Over the course of the past week, I was awakened several times by howling coyotes.
It’s not news that we have coyotes in the woods and fields around our house: I hear them yipping and calling to each other throughout the year, most frequently during the summer months when I’m doing chores outside at sunset. But there’s something especially haunting about coyotes howling in the middle of a snowy winter night – something eerie and lonely that goes straight to your soul.
I’m not a particularly light sleeper, so it’s interesting that these howls have awakened me from deep slumber multiple times. It could be because we haven’t heard coyotes in a while; months will go by without a single howl. Although the range of coyote packs varies, it generally encompasses several miles, so we hear coyotes only when their range brings them nearest to our house.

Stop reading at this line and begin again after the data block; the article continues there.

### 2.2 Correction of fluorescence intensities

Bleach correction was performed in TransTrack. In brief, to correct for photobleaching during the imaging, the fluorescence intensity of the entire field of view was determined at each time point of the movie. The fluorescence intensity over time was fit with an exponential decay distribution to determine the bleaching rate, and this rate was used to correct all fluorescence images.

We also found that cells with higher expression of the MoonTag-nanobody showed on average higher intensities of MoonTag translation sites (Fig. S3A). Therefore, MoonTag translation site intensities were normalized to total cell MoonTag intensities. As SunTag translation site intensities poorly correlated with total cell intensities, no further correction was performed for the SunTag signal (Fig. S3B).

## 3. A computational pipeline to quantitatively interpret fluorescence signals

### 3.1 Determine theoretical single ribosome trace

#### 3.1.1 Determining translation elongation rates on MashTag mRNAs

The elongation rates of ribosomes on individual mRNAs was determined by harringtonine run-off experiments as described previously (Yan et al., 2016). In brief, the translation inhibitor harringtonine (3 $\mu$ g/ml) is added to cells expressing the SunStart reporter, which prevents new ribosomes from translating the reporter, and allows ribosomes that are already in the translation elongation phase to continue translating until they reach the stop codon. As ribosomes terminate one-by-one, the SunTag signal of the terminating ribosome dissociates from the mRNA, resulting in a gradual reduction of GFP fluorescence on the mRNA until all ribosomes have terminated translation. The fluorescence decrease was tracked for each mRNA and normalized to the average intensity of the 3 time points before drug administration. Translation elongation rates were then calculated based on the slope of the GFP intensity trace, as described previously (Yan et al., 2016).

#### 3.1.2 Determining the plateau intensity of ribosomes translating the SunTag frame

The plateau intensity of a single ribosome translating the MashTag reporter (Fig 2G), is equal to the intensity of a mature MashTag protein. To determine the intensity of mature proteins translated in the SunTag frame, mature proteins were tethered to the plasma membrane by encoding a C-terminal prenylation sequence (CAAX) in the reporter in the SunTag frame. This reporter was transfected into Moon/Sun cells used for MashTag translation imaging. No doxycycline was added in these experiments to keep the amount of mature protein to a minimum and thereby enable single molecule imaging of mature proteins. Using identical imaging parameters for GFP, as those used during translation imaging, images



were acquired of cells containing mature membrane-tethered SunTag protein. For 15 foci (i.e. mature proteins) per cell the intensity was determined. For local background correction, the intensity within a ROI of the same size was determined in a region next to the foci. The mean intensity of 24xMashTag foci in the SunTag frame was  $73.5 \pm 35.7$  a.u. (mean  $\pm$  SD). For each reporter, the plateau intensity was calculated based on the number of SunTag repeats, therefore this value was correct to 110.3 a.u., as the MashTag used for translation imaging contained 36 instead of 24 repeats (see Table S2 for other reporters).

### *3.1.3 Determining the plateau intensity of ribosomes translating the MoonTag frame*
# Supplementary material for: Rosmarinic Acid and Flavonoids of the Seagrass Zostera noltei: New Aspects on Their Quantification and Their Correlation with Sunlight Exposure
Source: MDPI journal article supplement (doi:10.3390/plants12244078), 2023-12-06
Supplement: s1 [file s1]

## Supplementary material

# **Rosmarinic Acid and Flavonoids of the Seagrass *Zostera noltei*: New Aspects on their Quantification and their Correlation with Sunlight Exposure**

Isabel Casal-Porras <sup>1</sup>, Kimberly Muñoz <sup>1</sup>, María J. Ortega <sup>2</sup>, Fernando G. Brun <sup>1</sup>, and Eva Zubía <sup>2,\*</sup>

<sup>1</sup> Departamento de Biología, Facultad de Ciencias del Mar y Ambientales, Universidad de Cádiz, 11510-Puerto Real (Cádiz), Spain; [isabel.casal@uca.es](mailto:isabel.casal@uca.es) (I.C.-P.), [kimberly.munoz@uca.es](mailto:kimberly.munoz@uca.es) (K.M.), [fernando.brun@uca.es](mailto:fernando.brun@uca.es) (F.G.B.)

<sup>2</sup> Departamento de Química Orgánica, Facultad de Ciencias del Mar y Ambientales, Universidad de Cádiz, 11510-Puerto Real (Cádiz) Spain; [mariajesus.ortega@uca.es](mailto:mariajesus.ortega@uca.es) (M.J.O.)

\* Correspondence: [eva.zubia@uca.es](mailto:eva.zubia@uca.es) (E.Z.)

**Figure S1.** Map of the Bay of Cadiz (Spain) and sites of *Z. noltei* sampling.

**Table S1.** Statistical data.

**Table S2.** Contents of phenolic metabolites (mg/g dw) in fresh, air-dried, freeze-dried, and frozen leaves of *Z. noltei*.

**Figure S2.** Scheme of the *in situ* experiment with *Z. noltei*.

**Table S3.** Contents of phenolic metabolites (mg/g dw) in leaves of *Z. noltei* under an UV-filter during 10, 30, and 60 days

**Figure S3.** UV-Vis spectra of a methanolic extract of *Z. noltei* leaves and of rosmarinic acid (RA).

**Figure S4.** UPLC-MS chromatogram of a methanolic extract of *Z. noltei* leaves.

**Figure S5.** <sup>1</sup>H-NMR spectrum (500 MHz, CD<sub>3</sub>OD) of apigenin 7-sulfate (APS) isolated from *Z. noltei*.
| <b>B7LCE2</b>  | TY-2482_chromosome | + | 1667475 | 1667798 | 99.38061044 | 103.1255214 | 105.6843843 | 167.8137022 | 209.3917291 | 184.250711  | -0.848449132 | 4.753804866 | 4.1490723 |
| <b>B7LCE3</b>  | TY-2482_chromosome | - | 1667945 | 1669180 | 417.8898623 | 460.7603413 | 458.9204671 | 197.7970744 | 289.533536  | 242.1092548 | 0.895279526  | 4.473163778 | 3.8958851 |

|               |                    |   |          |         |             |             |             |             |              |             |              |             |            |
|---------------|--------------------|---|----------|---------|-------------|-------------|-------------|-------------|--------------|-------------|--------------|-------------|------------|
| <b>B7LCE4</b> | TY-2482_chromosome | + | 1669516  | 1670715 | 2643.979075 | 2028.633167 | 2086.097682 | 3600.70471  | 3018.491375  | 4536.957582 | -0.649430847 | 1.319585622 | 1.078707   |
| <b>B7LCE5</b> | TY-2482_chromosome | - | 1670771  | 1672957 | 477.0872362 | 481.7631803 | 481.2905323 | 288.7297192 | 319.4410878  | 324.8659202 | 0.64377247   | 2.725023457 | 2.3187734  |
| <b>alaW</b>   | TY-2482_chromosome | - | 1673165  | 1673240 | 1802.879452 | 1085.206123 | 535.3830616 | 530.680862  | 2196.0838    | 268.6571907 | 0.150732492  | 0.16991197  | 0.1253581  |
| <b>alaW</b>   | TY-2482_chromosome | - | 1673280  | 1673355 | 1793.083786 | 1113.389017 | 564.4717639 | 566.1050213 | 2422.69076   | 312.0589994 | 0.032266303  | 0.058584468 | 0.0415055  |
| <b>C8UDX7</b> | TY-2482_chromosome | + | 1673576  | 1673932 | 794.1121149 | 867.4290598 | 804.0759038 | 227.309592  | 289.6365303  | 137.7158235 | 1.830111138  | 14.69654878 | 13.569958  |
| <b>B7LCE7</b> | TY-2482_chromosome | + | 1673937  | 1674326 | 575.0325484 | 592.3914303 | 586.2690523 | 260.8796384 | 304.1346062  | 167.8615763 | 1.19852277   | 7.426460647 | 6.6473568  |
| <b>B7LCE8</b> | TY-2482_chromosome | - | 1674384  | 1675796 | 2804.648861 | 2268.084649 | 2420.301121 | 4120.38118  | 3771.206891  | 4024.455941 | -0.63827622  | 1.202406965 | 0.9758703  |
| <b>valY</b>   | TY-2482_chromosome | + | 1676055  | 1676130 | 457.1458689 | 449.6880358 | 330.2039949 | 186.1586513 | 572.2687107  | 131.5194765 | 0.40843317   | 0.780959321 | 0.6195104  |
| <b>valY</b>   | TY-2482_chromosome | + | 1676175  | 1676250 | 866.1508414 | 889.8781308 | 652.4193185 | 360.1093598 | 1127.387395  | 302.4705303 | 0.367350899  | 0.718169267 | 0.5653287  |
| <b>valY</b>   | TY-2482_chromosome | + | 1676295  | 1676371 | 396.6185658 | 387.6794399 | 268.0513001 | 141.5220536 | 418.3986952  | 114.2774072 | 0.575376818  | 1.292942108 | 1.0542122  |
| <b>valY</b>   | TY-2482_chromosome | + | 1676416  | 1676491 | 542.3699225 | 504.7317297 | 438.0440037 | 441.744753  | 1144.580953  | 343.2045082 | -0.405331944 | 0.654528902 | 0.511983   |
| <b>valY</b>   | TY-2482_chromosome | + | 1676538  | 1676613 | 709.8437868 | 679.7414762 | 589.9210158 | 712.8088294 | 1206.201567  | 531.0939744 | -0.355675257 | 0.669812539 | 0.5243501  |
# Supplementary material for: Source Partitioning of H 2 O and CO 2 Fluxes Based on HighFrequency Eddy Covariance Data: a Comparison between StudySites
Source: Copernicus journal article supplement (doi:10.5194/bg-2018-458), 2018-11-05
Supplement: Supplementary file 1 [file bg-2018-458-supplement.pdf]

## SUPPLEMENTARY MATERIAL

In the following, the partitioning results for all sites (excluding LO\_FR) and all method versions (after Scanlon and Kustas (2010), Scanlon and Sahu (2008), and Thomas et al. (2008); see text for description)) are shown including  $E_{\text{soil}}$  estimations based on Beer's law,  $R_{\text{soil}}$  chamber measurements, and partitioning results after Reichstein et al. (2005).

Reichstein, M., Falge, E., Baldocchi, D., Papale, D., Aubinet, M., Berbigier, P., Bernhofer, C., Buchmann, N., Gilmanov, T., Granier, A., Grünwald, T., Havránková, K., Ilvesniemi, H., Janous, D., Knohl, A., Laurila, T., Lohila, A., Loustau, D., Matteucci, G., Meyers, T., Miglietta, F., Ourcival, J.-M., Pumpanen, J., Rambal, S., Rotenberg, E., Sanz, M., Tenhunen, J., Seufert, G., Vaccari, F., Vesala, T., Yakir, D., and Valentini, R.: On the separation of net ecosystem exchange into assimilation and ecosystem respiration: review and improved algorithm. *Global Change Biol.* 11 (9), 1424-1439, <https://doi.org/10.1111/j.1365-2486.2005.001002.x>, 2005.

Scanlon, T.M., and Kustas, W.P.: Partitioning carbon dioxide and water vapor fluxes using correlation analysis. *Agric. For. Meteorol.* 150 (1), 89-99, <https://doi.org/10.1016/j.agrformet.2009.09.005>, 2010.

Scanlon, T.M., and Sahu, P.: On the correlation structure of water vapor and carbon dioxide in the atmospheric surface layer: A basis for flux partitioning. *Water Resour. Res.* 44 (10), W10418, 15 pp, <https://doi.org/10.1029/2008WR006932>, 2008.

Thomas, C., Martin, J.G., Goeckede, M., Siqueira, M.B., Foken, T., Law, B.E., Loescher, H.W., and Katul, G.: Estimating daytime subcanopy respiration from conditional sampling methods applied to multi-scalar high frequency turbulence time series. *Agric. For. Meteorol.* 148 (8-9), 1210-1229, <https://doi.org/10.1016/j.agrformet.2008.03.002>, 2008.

These particular howls have sounded much closer than ever before, however, which may be another reason why they’re catching my attention. Although my husband has slept through these mid-night cries, he’s remarked on the closeness of coyote noises when he’s been putting our poultry to bed lately. As further proof of proximity, he had a pre-dawn close encounter with two coyotes who crossed our driveway while he was walking the dog. Although it’s common for us to hear coyotes, this is the first time anyone in our family has actually seen one.
Or perhaps I’m waking up to these howls because, as a mother, I’m conditioned to awake when there are cries in the night. Usually those cries come from my children, but coyote howls are often described as resembling female screams or baby cries. With a house that ranges from a teenage daughter to a two-year-old, it’s hardly surprising that my weary brain gets confused.
It just so happens that I’ve been thinking about loud noises quite a bit lately, because we’re trying to teach our two-year-old son to stop screaming at the cat.
Click here to continue reading this week’s “Faith in Vermont” column in The Addison Independent.